• Clean/organize truck when not busy putting tools away.

— Put similar nails together.

— Hang up rain gear.

— Put tools in proper place.

— Check and account for number of tools.

— Put all loose garbage in bucket.


• Use up partial boxes of nails first.

• Follow established storage procedures. For example, starting at the right-hand side of back of truck

— 1st: 16d sinkers 4th: joist hanger nails

— 2nd: 8d sinkers 5th: concrete nails

— 3rd: roofing nails 6th: fascia nails

• On right-hand side under seat, 10d gun nails.

• On left-hand side under seat, 8d gun nails.


• Check oil in air compressors every morning.

• Oil nail guns every morning.

• Check oil in circular saws the first of every month.

• Check staging and ladders.

• Check safety devices in all tools.

This list should be discussed at the first crew meeting on the job, then the list should be posted on the tool truck.

1. If your lumber is being dropped by a truck, check to make sure the lumber is loaded so that the items being used first are on top.

You might need to contact (or have the superintendent contact) the lumber company to make sure they think about the loading order. Sometimes it helps to make up a quick list to help them out. For example:

• Treated mudsill plate

• Floor joists

• Floor sheathing

• Wall plates

• Studs

• Headers

• Wall sheathing

• Rafters

• Roof sheathing

The lumber company may not be able to load the material exactly the way you want, but a little concern for the loading order can make a big difference in the amount of lumber you have to move.

2. When using a forklift, store like items together so that you do not have to move other material to get at what you need.

3. When storing items, always think about where you are going to use them. If you don’t have a forklift, store them as close to where you are going to use them as possible.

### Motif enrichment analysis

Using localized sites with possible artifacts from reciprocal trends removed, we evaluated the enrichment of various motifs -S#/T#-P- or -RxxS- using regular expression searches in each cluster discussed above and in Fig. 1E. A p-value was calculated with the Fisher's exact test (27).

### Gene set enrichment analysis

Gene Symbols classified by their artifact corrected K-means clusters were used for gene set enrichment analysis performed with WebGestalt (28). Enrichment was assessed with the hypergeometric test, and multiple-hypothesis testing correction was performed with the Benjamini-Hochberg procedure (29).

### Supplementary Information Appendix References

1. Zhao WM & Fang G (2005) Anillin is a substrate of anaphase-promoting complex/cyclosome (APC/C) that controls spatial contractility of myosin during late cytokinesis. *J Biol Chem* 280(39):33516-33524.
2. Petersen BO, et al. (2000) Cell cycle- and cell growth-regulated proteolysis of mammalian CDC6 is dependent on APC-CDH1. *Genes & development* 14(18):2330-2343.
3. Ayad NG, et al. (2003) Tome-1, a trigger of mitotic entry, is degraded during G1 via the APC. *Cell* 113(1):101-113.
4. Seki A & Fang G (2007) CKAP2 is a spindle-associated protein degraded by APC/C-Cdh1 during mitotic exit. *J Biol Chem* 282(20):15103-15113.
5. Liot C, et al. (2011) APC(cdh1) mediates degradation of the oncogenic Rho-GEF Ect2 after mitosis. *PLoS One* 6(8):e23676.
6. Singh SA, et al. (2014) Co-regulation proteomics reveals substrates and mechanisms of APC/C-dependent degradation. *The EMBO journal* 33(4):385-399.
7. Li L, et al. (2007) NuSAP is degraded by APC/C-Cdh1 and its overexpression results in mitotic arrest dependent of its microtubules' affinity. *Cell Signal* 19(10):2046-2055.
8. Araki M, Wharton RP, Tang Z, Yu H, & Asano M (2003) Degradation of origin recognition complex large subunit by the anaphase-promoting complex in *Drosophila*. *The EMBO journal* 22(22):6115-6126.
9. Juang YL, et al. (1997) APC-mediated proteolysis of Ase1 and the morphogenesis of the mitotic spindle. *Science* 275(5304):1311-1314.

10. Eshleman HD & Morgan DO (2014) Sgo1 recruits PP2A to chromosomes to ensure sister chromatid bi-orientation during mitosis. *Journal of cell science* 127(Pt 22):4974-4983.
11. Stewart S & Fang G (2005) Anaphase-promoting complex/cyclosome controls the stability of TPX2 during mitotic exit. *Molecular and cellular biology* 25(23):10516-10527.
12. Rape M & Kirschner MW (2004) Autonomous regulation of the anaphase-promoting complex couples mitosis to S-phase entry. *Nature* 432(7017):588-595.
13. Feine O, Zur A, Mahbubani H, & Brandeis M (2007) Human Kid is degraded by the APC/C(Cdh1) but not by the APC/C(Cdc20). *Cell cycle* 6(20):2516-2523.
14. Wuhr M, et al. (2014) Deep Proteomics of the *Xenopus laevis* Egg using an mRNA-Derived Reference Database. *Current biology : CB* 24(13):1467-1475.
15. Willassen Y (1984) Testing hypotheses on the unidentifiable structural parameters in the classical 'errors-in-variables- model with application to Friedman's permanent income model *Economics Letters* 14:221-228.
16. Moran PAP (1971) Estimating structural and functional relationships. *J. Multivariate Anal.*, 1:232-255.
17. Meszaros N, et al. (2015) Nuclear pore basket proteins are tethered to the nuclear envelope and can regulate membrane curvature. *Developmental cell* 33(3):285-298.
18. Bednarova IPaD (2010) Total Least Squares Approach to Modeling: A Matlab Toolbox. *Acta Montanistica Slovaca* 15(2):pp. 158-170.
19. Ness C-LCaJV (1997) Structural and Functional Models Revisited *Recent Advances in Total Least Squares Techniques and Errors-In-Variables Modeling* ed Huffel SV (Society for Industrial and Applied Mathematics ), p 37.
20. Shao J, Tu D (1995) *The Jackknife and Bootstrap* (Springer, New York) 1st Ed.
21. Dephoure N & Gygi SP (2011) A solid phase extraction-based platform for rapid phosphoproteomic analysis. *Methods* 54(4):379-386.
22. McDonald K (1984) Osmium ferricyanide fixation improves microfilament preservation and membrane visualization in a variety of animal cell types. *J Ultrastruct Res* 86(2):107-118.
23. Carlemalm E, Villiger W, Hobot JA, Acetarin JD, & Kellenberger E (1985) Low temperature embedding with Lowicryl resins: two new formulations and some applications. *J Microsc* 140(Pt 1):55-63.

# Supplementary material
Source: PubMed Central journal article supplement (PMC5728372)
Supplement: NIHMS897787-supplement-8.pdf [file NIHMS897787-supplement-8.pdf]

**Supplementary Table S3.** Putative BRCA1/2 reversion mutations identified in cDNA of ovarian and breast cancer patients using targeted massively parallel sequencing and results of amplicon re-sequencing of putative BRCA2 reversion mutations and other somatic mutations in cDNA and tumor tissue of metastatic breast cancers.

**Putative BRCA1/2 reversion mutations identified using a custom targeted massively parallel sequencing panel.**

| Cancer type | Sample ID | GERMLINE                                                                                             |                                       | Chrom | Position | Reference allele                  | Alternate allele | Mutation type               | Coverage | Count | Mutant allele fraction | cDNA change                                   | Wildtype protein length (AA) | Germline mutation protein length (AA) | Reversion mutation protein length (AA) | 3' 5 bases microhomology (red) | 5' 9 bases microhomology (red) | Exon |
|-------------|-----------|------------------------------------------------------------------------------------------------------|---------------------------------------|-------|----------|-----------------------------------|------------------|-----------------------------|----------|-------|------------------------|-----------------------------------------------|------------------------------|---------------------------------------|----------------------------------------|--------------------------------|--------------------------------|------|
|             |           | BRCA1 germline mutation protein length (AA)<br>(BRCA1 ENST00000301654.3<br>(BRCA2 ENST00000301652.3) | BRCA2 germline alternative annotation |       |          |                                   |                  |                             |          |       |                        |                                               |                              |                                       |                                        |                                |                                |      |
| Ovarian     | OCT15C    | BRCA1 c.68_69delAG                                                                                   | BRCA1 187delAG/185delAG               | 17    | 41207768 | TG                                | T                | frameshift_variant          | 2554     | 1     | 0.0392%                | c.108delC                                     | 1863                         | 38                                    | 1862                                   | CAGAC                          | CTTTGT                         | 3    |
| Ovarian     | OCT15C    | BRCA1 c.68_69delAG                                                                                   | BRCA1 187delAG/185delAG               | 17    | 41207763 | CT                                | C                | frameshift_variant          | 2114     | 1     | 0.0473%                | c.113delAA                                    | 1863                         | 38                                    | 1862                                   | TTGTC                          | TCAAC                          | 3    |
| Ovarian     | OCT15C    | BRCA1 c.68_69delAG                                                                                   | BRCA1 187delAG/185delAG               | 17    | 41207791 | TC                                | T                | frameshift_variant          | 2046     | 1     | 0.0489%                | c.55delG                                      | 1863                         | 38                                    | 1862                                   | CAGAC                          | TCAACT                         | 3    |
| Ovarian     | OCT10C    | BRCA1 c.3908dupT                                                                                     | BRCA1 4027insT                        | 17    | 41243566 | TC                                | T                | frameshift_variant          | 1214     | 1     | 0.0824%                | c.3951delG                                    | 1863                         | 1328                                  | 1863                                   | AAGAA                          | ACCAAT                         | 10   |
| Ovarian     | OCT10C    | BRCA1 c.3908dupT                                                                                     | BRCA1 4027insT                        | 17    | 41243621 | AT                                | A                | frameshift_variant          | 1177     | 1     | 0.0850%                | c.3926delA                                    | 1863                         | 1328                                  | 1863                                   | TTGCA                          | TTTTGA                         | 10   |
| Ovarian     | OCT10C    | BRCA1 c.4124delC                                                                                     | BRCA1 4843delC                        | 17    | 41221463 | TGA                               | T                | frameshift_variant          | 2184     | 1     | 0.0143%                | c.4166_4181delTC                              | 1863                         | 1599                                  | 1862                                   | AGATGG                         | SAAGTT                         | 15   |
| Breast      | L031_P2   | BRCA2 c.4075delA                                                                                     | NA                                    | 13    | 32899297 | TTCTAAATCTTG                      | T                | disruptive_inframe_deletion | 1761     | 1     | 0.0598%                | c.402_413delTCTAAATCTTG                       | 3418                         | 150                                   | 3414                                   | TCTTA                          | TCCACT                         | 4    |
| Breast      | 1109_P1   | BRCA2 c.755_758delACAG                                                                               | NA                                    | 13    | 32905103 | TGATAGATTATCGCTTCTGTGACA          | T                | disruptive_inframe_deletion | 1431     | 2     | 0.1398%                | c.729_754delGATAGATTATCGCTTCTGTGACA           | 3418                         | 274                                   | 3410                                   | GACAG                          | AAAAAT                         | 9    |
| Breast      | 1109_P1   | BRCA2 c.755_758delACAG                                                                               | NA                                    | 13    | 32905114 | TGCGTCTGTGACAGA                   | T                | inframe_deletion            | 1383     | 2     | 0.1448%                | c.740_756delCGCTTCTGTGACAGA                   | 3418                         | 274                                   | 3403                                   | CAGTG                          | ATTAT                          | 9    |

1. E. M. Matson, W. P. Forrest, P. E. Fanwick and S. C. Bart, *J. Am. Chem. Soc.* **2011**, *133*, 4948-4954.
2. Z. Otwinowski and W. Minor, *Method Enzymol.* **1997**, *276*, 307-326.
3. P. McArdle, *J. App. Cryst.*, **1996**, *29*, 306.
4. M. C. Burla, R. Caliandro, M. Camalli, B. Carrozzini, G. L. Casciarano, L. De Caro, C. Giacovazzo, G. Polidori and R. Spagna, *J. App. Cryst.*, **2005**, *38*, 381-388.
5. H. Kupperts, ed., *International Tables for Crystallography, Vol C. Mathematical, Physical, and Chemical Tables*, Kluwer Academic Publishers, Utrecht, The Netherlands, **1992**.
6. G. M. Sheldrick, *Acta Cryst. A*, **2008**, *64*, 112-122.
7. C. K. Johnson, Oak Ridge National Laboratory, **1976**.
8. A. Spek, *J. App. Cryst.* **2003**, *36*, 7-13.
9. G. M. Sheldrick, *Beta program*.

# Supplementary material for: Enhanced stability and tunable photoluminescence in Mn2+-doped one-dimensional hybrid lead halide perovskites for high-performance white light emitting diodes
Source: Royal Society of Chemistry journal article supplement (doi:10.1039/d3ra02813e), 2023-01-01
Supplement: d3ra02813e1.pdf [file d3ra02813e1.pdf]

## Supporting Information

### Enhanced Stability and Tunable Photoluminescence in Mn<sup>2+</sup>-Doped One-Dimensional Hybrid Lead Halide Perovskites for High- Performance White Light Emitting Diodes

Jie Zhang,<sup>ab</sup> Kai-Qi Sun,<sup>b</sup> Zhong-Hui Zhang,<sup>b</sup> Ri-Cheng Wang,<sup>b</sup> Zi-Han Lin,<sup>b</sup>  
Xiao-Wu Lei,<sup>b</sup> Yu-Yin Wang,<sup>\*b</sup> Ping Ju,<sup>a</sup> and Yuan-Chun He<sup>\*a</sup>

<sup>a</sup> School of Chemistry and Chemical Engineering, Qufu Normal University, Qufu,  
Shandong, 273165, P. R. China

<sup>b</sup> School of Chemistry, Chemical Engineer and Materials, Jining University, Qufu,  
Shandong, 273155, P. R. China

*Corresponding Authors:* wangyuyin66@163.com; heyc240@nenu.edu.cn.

4. If you have to store items in front of each other, make sure the items needed first are available first.

5. Consider using carts or other mobile devices for moving lumber in the building.

Pallet jack and drywall cart for moving lumber

Hold a crew meeting before you start a job, then once a week after that. Monday morning meetings can help ease everyone back from the weekend. You can have these meetings right before or after your safety meetings, while you already have everyone together. It’s nice if the crew meeting can be a relaxed time, while still covering important points such as:

• Task assignments

• Crew procedures (crew organization)

• Tool organization (tool truck)

• Job-specific items

Teaching While Assigning Tasks

Most of your teaching will occur when you are assigning tasks to framers. You won’t have to say anything to your experienced framers, but new or apprentice framers benefit from seeing you follow a certain procedure to make sure you don’t forget anything.

When assigning a task:

• Always assume your framers are seeing the task for the first time.

• Explain everything you know about the operation.

• As you’re explaining the operation, tell your framers why it’s done this way.

• Ask them if they understand. (Have them explain it to you.)

• If they ask you a question and you don’t have the answer, tell them you’ll find out and get back to them.

Check on them:

• After five to ten minutes.

• Repeatedly until you’re confident that they know what they’re doing.

When you’re teaching a framer trainee, remember that they’re learning as a student, so expect that it may take a little while for them to catch on. Don’t expect all trainees to learn instantly, but always assume they want to learn.